Higashi is frank when it comes to the day-to-day running of www.loworks-store.org. "It was set up last year and since then I've had a lot of problems managing it - it needs to be improved." And with the development of a new Loworks site will come a new version of their online shop. "A new store is in the pipeline with lots of new products," says Higashi. "T-shirts, artwork, toys - including the Loworld range of characters - and more."
Speaking of new developments, Loworks' main site is going through a huge redesign. It's a momentous project that is currently eating into most of Higashi's time. The sprawling, beautifully crafted, Easter-egg-laden environmental Flash masterpiece of the current site is about to be taken offline. Replacing it is what Higashi refers to as "an easy-to-use and easy-to-navigate" portfolio. It may seem a shame to replace the highly original offering currently online, but Higashi's company is all about change and continuation, after all. It will be borne out in a Flash front-end powered by a WordPress back-end. This will enable Higashi to easily manage the huge amount of work in Loworks' portfolio.
There will still be some suitably impressive design though - the new Loworks isn't just a templated blog page. "I have many ideas for the site," he begins. "The theme of the new site will be its colour. The whole interface will change colour depending on the artwork, or portfolio piece selected. This Flash/WordPress approach will also help us optimise the site for search engines." The new Loworks site takes a more restrained approach, concentrating on the company's work and client-base.
And so it should do. Loworks has an incredible body of work, and one of its biggest projects to date is the site Higashi and his team created for the HumanRace Japan project for Nike. "Everything - the images, banners, homepage and so on were created by Loworks," he tells us. The project came through Nike's agency in May 2008, and had the purpose of promoting Nike+'s HumanRace - a global gathering of runners. "There wasn't much time," laughs Higashi on the difficulties Loworks faced. The site was created using a combination of Illustrator, Photoshop and Flash. And Higashi's favourite part? "The graphic on the homepage." It's a perfect representation of Loworks bringing a hand-drawn aesthetic to an established identity, he explains.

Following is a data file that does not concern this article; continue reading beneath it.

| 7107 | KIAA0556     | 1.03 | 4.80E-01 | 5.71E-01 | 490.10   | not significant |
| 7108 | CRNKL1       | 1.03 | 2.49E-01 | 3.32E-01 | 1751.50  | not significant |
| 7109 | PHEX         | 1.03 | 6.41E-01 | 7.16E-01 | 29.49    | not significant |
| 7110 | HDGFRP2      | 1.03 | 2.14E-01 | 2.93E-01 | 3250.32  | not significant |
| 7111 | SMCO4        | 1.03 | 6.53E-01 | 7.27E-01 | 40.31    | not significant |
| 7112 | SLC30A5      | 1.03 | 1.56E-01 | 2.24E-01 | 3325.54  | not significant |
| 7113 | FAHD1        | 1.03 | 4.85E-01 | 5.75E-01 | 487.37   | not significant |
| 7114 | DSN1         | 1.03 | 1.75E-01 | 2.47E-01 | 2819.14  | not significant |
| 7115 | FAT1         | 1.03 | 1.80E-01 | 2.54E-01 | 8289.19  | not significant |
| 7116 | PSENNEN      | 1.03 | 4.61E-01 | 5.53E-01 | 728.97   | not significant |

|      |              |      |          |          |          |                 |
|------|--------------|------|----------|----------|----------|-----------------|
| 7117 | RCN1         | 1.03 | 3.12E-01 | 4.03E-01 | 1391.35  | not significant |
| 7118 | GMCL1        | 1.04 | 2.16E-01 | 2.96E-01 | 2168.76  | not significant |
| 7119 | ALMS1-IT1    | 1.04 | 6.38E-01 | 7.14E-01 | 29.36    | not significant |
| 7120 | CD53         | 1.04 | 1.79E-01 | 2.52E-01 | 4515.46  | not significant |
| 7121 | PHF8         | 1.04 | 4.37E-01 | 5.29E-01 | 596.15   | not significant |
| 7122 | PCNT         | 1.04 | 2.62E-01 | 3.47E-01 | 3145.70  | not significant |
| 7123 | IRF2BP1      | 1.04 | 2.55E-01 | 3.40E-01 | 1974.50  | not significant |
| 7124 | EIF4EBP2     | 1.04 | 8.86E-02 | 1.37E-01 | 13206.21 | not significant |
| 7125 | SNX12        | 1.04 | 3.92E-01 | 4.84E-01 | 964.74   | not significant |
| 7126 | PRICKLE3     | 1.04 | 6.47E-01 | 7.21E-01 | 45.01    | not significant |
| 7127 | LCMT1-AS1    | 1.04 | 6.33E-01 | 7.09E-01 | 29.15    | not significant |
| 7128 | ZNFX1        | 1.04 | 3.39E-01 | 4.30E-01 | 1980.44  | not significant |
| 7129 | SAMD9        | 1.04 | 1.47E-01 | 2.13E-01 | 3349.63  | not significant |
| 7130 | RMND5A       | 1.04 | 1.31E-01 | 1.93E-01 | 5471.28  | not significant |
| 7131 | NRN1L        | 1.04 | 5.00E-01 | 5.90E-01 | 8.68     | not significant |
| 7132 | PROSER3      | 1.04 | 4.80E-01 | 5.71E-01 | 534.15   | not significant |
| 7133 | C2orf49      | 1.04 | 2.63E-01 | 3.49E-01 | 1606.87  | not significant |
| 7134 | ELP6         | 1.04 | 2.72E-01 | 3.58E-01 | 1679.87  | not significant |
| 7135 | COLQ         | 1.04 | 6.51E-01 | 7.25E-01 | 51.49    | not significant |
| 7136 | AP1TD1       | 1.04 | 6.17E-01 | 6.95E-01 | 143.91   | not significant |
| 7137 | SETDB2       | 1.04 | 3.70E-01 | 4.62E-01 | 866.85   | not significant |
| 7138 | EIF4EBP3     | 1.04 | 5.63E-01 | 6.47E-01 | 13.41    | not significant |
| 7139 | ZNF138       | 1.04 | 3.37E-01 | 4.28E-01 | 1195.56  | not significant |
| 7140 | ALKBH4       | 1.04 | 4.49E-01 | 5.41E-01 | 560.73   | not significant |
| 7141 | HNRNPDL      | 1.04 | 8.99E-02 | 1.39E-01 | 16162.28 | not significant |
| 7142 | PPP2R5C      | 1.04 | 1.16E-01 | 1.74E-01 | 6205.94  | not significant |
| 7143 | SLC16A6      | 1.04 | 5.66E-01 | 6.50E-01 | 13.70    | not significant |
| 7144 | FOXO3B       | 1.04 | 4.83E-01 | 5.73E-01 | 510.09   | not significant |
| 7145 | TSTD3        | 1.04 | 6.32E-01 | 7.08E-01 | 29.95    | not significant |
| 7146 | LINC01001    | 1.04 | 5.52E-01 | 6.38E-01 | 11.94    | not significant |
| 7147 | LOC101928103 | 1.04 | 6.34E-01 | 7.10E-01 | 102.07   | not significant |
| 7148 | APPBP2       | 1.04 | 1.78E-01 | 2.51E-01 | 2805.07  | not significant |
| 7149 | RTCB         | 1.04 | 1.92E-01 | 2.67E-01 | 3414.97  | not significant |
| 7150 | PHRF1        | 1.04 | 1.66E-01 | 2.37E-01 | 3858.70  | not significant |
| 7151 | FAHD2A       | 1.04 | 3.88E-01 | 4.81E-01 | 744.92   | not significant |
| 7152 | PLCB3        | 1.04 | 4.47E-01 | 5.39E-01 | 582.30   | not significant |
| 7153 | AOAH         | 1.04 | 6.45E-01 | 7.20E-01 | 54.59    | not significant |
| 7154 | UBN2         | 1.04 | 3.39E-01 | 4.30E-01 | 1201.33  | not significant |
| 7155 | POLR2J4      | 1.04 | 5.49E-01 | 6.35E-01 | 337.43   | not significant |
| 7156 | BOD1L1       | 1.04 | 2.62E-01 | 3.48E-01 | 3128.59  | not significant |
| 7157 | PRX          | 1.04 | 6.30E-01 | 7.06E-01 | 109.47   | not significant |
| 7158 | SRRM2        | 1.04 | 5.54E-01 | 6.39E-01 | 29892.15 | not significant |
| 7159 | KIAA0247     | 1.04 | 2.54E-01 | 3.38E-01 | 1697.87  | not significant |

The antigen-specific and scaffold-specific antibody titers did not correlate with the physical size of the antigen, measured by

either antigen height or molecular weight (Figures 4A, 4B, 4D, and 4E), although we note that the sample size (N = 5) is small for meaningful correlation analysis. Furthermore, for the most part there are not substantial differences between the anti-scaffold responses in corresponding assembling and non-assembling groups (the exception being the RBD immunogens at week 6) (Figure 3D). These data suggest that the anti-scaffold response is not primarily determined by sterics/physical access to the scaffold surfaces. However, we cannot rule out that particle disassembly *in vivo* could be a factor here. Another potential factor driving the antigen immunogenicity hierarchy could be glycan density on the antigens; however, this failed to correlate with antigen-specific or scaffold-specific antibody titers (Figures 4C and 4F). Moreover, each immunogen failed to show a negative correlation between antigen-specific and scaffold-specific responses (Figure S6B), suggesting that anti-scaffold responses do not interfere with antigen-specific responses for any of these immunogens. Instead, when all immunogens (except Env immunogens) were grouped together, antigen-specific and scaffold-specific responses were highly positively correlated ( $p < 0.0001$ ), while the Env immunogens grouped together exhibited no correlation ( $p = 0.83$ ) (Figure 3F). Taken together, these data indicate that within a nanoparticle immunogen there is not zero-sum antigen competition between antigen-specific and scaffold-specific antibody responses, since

A similar approach was adopted when Loworks was commissioned by Japanese telecom giant Softbank to create a mobile phone case. Although the project is still in the works, Higashi outlines the brief: "I was asked to produce two designs," he says. "I united the Softbank logo and the illustration, which was the biggest challenge along with the limitations of the size of the phone. Everything was completed in Illustrator." And is he happy with the final project? "I love this illustration," he enthuses. "It makes me want the phone."
As we leave Higashi and his team at Loworks, the company is flourishing. And something that the founder keeps reiterating - "change and continuation" - makes you believe, even though it has produced one of the quirkiest aesthetics out there and is currently in huge demand, there is a lot more to come from this playful yet intelligent design house.